A: The concept is similar to HTTP and HTTPS. The secure mail access is a process that establishes an encrypted connection between you and the server, so that no one else (or machine) can observe the content that you are transferring, including your password and email content.
A: Your password is. If your password is exposed, the person may gain control of your email account, logging in to your webmail system (and even changing your password to deny you of access into your own account), grabbing all of your contacts and, most importantly, using your identity to send out malicious emails. You will get blacklisted, your business associates will make payment to the hackers’ bank accounts, or even receive emails containing ransomware from you.
A: That's because each secure certificate has to verify against the server name that you connect to. If you connect to mail.your-domain.com, your mail application will warn you as the certificate belongs to someone else like *.agnx.com. You can safely accept the certificate coming from agnx.com as it is our global network exchange domain. Read more at Why does my email client keep showing certificate warning?
A: In most cases, your mail client will decide which method is best to be used. If you configure your mail client manually to connect to port 995 (POP3), 993 (IMAP), SSL will be used instead of STARTTLS. If your configuration still uses the “standard port” like 110, 143 or 587, it means STARTTLS is the best to enable secure connection on these ports. There is no “which is better” in comparison, it is all up to your mail application's preference, and your network firewall (some ISP blocked the access to STMP port 25, some corporate network block all “insecure ports”).
A: SSL is easier to configure as it is usually associated with a dedicated port number - although you need to get the port number right as SSL is assumed to be running at the port. You cannot connect to port 110 with SSL for example, as the port has been reserved for plain POP3 connection (the secure POP3 port is at 995). Where STARTTLS is more advanced since it is usually supported at the original ports (110 for POP3, 143 for IMAP, 25 and 587 for STMP etc). Connection to these “standard ports” will have to go with STARTTLS as it is more of a hybrid connection that starts as plain, switching to SSL after the connection is established. Lookafter offers both SSL and STARTTLS at related ports.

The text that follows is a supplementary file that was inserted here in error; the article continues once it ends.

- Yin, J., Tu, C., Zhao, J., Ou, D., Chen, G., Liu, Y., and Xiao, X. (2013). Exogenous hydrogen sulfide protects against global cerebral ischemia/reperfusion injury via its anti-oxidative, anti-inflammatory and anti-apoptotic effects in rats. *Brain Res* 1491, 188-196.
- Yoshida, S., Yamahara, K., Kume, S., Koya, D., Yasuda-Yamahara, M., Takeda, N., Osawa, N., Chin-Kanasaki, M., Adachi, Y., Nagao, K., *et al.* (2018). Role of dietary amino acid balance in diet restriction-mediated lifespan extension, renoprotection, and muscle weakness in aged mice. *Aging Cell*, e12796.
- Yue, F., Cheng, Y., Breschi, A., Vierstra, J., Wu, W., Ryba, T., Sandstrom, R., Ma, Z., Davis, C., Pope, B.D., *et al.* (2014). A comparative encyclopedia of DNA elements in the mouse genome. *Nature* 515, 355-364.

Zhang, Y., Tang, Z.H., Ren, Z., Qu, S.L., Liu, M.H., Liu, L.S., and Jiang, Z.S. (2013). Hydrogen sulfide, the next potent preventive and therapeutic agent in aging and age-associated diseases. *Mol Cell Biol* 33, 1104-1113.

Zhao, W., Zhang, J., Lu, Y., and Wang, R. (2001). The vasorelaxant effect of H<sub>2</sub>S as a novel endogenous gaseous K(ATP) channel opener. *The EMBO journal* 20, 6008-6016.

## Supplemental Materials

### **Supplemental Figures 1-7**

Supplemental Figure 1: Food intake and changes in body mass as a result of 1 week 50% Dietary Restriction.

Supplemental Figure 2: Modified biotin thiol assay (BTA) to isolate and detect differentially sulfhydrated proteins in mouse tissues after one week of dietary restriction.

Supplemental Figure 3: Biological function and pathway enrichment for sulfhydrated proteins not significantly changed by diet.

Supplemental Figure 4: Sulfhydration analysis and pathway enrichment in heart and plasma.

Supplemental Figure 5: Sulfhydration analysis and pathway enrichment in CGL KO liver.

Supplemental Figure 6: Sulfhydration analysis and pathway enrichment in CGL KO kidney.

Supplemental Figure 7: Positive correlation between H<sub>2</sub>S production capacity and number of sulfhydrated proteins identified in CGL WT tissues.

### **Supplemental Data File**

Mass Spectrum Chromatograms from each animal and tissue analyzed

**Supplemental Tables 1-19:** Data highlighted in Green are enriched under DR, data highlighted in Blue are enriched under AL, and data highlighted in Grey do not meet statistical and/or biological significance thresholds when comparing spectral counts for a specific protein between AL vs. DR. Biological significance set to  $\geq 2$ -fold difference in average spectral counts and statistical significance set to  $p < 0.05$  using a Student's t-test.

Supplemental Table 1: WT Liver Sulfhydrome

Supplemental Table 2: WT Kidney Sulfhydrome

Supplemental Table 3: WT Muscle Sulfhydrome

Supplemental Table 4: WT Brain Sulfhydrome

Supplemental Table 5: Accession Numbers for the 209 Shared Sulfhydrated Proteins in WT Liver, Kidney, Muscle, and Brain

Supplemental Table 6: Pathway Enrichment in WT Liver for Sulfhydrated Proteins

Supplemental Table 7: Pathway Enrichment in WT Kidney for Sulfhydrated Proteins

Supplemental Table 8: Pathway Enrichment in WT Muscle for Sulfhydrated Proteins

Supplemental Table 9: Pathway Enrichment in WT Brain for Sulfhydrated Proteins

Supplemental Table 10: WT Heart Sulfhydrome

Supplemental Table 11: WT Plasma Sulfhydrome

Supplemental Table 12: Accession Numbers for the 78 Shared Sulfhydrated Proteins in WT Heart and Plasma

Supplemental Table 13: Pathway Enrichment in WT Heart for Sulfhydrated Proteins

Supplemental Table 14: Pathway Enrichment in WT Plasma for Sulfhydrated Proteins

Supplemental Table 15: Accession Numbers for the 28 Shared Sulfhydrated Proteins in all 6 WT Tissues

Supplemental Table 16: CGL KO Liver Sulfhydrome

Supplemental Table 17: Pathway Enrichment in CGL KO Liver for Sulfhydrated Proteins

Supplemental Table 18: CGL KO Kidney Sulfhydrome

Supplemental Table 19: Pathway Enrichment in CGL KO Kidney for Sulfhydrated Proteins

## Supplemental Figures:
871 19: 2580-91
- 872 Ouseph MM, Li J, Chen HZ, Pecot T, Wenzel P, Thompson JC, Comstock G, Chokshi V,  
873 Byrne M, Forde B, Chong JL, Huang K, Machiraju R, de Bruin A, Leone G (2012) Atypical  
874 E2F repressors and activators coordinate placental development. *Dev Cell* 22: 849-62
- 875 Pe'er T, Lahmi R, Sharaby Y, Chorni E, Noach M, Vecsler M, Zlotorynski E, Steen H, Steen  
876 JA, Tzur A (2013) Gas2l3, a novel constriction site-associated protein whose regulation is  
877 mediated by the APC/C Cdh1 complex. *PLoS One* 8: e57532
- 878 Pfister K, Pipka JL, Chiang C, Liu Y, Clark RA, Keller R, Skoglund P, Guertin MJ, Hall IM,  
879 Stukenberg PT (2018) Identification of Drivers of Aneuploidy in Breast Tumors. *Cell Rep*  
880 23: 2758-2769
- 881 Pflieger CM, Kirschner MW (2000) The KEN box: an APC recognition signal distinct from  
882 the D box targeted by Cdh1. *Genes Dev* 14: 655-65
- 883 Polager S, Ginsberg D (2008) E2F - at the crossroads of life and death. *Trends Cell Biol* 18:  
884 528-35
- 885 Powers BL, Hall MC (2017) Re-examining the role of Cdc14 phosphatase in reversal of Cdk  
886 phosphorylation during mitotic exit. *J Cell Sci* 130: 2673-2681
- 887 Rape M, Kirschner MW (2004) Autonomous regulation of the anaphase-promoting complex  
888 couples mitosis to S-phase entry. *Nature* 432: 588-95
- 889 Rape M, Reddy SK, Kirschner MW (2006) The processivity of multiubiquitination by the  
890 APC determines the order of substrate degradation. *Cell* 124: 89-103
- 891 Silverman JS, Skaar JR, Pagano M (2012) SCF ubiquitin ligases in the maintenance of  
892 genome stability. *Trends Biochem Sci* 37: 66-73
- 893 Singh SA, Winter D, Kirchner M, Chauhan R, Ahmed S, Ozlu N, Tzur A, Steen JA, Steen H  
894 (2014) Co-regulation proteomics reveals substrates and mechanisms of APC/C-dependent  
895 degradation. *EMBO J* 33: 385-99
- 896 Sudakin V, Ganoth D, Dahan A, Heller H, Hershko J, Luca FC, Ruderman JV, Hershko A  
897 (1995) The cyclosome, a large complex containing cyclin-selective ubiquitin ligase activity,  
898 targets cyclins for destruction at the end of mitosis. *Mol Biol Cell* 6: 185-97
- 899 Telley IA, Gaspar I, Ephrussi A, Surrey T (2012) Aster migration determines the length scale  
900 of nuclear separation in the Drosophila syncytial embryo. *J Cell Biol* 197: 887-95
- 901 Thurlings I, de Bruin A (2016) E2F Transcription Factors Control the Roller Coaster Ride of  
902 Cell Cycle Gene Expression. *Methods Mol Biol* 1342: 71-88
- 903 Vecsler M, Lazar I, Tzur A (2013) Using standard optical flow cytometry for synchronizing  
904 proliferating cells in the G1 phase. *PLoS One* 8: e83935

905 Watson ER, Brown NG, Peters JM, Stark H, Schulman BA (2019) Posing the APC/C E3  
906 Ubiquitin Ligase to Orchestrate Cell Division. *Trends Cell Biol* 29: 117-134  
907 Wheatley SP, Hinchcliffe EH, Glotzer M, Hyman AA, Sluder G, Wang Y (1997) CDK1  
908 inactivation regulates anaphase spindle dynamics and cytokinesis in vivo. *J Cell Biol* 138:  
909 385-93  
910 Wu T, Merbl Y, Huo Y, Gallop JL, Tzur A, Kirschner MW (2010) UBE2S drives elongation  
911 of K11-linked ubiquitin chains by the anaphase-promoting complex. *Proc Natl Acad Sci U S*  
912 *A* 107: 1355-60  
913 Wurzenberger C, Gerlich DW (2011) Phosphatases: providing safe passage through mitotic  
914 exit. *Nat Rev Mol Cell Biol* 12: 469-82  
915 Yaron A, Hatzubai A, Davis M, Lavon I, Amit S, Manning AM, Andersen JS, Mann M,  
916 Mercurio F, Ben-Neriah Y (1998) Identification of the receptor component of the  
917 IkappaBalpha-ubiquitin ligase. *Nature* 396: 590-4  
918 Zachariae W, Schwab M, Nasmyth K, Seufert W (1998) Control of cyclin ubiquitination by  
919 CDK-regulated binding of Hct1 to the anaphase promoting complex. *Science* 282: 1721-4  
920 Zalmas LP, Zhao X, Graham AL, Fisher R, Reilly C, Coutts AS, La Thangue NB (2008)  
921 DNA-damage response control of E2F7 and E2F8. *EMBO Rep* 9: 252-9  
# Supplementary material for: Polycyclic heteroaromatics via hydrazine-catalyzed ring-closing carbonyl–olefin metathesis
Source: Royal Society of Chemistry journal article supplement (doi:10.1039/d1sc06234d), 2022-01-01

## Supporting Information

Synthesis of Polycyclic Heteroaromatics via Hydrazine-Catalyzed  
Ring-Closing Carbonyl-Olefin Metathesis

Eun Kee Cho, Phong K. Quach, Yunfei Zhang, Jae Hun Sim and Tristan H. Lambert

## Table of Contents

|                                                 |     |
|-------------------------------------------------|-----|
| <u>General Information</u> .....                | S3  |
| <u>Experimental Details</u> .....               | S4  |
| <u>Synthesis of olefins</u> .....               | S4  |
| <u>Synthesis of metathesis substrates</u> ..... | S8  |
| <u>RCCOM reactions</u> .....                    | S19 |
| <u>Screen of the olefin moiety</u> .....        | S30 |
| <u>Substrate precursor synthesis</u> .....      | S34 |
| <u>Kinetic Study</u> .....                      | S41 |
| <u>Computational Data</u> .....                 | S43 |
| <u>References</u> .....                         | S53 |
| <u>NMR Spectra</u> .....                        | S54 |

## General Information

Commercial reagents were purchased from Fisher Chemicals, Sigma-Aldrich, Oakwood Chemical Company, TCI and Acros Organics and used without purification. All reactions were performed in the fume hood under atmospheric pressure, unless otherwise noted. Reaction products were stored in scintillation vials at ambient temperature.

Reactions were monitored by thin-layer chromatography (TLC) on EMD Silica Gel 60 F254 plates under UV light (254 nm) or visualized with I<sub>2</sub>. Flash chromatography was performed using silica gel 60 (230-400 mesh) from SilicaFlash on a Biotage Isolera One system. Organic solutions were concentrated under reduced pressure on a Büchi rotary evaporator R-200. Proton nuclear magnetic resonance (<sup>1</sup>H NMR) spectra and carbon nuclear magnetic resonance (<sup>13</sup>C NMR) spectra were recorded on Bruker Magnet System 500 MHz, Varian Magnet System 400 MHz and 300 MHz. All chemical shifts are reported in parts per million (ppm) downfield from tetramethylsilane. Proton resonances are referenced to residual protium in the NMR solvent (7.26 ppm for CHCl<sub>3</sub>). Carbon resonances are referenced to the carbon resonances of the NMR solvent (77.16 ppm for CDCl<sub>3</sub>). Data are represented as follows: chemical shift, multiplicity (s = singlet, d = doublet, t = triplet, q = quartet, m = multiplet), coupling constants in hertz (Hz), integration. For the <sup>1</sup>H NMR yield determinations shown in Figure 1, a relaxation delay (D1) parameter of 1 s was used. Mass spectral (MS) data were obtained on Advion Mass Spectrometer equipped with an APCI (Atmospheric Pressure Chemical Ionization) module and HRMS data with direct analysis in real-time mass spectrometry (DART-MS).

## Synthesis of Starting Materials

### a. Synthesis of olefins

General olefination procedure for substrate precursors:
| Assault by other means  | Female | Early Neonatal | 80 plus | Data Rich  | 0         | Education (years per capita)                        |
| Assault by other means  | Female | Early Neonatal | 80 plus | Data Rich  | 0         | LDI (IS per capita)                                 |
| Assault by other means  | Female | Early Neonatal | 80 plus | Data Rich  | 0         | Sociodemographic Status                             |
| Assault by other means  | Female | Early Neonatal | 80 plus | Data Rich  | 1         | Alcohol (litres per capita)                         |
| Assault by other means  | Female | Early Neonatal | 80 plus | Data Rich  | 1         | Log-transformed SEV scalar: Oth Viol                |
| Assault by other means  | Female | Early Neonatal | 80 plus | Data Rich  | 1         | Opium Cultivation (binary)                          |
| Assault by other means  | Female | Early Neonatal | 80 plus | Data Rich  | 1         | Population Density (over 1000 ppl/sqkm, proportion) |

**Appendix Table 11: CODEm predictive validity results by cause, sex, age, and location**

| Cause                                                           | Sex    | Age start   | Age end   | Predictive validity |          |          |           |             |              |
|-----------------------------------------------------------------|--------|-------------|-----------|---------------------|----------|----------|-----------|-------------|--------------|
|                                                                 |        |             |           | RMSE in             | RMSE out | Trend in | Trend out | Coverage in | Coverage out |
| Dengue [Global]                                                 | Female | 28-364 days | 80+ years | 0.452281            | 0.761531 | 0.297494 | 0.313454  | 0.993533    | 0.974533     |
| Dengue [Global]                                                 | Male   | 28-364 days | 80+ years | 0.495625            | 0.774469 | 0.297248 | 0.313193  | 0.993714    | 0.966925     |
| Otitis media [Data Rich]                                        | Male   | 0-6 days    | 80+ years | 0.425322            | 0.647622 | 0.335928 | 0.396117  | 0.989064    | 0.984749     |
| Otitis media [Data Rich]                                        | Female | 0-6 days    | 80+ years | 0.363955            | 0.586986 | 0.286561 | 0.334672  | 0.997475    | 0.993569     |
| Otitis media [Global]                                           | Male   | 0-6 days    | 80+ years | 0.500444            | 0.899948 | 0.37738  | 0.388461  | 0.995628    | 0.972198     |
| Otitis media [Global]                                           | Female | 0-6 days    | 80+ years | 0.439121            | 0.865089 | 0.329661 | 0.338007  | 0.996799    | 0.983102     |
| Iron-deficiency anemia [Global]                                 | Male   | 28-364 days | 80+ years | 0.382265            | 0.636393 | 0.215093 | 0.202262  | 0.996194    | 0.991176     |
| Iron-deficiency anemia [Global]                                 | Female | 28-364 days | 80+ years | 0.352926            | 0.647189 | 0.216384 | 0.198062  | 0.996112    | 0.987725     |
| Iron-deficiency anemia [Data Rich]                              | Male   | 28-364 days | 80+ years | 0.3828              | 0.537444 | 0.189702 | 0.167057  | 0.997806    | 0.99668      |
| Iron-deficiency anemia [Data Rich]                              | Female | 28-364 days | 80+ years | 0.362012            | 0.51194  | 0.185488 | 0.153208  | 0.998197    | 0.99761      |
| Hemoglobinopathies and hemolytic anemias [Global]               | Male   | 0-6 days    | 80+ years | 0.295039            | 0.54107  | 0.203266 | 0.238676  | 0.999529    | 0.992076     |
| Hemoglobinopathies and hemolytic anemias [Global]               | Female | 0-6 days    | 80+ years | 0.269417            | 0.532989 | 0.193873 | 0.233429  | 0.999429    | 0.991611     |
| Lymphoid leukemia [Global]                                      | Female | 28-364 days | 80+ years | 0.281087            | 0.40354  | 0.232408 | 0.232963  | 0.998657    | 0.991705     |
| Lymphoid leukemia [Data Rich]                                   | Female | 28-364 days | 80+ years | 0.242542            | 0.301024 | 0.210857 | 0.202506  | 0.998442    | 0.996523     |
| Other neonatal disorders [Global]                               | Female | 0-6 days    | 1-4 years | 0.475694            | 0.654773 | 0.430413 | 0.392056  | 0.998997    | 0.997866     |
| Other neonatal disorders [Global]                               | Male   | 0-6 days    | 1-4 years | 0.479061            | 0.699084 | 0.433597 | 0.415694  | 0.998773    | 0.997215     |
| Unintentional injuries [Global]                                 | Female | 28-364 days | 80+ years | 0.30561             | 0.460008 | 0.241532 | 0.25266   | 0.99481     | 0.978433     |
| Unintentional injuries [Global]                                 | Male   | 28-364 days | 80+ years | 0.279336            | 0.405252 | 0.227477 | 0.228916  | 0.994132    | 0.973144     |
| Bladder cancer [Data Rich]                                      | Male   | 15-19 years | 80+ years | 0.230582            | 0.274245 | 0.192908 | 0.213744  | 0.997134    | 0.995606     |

A: Yes, if you are still connecting to your mail server without SSL or STARTTLS. Not necessary (but a good practice to have it) if you've already connected with SSL or STARTTLS. It is safe to use “plain” password authentication once your connection is secured.
A: Some mail clients don't advertise or distinguish between SSL and STARTTLS. It just states SSL as either SSL or STARTTLS connection.
A: Yes, it means the mail client will accept any certificate even if the host name is unmatched - which is generally fine. If you would like to establish your own SSL certificate with your own domain, kindly write to us at firstname.lastname@example.org and we will assist you on that matter.
A: Due to legacy support, port 587 has been offered as an alternative to SMTP port 25, where only plain traffic is supported. To add security to port 587, it has to be offered via STARTTLS. There is an unofficial SSL port for SMTP at 465 (mostly for Microsoft mail client and services) if you insist to use SSL port instead.
A: If you have trouble setting up port 25 as STMP, it is likely that your ISP or corporate network has blocked it, to prevent abuse. Use port 587 instead.
A: Make sure that you don't use “plain” password authentication method (CRAM-MD5 is a good alternative), stay away from public network (open WIFI) and you should be fine.